“But after awhile, I moved back to my house even though it was still damaged,” says Esperita. “We slept outside because I was scared of it falling on me. When it was raining, we got wet. The disabled man living with me had to sleep on a chair to stay off the wet ground.”

Terre Rouge is a rural village with no electricity and few services; residents here do not even have a health clinic. Cars cannot access the village because of the poor quality of the roads—only trucks or four-wheel drives can make the trek, and even then, a river crossing is required. An estimated 400 homes sustained earthquake damage in Terre Rouge, but so far, Medair is the only NGO doing construction work here and helping residents move into safer shelters.

New Home for Esperita
The Medair team in Terre Rouge assessed Esperita’s house and decided to build a new transitional shelter on the site that used her original house as a base.

The shelter design chosen used imported timber (as deforestation is a major problem in Haiti), nails, cement, wire mesh, metal roof sheeting, and temporary plastic sheeting to keep the rain out while more permanent walls were built.

“With this shelter design, we fix the wire mesh to the timber structure on the inside of the walls and then we build the stone and cement walls on the outside of the wire,” says Mark Wooding, Medair’s Shelter and Reconstruction Advisor. “If another earthquake happens to strike during construction, the wire mesh prevents the walls from collapsing inward and causing further injuries or deaths.”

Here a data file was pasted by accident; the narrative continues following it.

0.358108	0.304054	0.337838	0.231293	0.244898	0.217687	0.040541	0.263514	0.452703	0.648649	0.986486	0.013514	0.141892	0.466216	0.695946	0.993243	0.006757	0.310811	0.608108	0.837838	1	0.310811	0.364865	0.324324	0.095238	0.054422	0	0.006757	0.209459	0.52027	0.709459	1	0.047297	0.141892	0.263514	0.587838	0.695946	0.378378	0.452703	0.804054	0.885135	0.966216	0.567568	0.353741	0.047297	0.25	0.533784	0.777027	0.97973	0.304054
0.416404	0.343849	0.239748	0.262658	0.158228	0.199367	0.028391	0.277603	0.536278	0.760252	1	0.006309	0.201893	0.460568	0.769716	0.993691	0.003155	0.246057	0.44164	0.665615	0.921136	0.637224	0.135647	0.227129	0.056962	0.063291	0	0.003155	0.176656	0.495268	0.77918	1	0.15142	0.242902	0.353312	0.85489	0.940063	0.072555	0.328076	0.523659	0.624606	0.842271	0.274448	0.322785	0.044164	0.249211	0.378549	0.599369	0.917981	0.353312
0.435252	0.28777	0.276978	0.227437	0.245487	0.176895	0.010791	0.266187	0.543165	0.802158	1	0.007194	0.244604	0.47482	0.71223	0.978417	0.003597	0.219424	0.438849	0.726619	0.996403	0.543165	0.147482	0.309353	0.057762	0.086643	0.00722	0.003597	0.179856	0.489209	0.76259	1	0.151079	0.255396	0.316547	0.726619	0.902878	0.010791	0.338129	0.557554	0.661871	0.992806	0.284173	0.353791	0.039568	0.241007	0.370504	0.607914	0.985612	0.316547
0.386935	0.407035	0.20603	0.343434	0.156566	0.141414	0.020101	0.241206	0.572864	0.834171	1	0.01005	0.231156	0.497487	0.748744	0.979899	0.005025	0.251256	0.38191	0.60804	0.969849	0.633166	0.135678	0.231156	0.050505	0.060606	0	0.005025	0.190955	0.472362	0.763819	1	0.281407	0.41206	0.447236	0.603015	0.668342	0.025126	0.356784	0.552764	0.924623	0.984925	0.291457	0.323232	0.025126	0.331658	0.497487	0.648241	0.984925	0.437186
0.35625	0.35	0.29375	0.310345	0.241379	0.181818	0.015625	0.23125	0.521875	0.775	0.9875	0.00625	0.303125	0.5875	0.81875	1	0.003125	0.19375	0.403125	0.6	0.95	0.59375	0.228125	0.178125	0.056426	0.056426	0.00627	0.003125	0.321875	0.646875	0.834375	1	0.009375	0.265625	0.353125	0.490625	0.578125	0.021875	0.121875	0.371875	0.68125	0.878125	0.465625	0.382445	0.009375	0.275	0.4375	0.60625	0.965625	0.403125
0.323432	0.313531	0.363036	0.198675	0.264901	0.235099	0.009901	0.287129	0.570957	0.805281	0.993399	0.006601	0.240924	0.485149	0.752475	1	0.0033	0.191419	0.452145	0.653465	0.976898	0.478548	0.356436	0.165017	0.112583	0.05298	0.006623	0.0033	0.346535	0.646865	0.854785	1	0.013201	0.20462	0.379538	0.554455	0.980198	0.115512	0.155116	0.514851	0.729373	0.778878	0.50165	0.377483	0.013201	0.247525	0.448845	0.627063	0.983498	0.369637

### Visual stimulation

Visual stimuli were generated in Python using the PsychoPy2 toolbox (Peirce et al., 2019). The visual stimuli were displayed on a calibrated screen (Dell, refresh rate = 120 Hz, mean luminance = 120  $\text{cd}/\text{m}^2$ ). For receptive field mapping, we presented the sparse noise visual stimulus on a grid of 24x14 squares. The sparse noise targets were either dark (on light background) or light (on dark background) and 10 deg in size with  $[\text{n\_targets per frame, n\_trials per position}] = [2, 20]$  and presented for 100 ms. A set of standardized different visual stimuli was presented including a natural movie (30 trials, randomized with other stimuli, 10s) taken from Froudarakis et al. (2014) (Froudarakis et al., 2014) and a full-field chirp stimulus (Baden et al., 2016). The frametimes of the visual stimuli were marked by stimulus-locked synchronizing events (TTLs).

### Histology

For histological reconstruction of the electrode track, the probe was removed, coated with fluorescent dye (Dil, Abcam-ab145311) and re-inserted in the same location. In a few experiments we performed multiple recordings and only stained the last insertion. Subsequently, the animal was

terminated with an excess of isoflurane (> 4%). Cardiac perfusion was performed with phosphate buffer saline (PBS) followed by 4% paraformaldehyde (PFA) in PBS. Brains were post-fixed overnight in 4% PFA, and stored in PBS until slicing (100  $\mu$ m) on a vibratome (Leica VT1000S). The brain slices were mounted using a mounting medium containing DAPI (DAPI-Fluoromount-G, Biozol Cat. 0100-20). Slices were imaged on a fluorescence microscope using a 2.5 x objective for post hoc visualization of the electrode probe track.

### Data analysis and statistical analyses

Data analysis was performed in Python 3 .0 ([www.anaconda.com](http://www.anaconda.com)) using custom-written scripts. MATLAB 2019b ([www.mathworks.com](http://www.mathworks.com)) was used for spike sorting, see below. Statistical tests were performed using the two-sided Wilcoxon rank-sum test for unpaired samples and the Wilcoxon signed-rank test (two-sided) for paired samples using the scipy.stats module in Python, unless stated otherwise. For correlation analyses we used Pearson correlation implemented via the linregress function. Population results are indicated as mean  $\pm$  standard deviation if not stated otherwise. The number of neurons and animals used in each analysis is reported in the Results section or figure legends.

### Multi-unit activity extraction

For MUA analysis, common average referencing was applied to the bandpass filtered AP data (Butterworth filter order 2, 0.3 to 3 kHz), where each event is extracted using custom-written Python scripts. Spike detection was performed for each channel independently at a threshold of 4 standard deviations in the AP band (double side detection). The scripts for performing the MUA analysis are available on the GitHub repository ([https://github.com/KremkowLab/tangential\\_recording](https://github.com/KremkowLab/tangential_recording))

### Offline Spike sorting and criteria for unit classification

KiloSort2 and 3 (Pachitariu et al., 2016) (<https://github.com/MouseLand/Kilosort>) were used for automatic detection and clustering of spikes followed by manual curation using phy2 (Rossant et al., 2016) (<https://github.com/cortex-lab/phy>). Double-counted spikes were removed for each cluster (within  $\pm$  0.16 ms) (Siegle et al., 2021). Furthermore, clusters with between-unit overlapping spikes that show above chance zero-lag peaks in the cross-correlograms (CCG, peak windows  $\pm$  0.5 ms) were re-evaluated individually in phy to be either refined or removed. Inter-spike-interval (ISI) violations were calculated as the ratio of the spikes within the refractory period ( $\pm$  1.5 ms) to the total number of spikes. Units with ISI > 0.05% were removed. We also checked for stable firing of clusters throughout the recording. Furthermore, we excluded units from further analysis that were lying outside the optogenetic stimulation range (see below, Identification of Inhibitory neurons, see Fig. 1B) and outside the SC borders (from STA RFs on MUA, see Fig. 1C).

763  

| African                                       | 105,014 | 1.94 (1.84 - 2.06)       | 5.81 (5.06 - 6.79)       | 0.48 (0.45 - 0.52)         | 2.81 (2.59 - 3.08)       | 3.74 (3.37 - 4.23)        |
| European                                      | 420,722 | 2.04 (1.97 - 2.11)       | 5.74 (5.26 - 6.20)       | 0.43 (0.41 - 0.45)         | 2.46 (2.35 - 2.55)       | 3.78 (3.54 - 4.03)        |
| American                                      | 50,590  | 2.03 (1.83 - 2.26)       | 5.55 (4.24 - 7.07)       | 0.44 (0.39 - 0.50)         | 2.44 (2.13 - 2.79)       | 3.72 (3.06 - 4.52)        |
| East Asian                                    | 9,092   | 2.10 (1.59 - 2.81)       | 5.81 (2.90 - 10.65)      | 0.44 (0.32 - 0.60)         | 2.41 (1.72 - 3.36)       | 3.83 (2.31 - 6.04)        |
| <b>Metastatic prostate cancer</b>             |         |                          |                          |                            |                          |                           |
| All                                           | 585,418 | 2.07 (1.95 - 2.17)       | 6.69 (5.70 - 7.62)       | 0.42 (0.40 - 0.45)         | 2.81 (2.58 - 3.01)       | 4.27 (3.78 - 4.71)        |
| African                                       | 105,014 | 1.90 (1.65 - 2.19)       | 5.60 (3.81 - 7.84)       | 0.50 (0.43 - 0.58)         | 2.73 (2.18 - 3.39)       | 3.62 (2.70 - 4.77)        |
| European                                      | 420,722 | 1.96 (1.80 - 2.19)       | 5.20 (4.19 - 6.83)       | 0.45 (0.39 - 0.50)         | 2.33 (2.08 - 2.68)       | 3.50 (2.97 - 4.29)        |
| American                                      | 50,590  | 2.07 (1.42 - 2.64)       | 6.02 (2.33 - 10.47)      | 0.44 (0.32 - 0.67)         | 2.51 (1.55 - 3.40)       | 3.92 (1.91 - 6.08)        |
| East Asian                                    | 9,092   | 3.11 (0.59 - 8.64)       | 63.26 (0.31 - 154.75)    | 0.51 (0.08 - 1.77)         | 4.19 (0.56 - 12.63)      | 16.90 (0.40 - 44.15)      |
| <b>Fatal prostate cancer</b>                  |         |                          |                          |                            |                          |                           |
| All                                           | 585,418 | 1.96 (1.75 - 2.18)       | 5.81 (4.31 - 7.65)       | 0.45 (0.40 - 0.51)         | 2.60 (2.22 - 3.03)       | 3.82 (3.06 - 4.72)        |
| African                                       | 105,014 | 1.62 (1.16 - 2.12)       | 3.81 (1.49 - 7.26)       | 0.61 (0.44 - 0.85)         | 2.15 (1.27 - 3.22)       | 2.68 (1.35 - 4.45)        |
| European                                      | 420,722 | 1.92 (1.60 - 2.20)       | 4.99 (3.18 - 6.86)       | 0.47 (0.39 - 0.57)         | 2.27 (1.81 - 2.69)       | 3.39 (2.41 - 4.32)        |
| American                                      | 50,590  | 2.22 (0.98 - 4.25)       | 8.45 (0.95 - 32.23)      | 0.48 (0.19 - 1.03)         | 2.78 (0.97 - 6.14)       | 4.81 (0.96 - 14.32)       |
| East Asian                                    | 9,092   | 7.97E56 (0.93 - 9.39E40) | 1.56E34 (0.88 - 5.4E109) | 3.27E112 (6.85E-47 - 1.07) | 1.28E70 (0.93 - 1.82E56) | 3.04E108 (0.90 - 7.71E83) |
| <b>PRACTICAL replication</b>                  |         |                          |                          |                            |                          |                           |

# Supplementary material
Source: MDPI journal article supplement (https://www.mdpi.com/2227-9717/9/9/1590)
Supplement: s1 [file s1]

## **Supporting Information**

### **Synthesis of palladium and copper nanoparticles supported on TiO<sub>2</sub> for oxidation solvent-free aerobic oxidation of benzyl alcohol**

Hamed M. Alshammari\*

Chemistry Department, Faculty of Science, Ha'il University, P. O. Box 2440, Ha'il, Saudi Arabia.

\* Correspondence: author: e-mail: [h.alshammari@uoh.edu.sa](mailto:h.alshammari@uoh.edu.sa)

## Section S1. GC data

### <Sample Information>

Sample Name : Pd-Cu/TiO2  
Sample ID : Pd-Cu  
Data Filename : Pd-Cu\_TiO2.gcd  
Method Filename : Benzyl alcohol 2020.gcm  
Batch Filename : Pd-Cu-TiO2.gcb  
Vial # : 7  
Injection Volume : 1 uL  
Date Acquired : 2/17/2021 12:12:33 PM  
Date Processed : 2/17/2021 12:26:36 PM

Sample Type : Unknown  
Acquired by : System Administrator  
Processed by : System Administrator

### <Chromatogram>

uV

The community joined together with Medair to help build Esperita’s transitional shelter—the first one of its kind constructed in Terre Rouge. Esperita was delighted when construction was completed in five days and she was able to move into her “new” home.

“The first night we slept in the house, we were rolling back and forth like kids,” says Esperita. “We were giggling very loudly because we were very happy.”

Of course, even with a safe shelter, many needs still remain for Esperita and the people with whom she lives. They have no bathroom and no money to buy materials to finish the hole they started digging for a latrine.

“But after your assistance, our life is different,” she says. “We used to be concerned about where to sleep at night. Now, we are living with courage because we have a home where we can sleep.”

Medair’s urgent work continues today throughout these rural areas and in the city of Jacmel. Our teams are assessing the most vulnerable people and homes and providing safer shelter for thousands of families. This, in turn, helps people like Esperita to live with renewed courage in the wake of such a devastating disaster.

Medair’s transitional shelter programme in Haiti is made possible by the United States Agency for International Development (USAID). The Medair Haiti programme is also supported by Läkarmissionen and by ICAP Charity Day.
Medair arrived on-the-ground in Haiti within days of the devastating 12 January 2010 earthquake. Our team has conducted assessments of damaged homes, identified families in need of aid, and coordinated rubble clearance from properties to make space for new transitional shelters. Medair is currently building 2,060 transitional shelters and repairing 2,440 damaged homes in Jacmel and the surrounding rural areas.

This web feature was produced with resources gathered by Medair field and headquarters staff. The views expressed herein are those solely of Medair and should not be taken, in any way, to reflect the official opinion of any other organisation.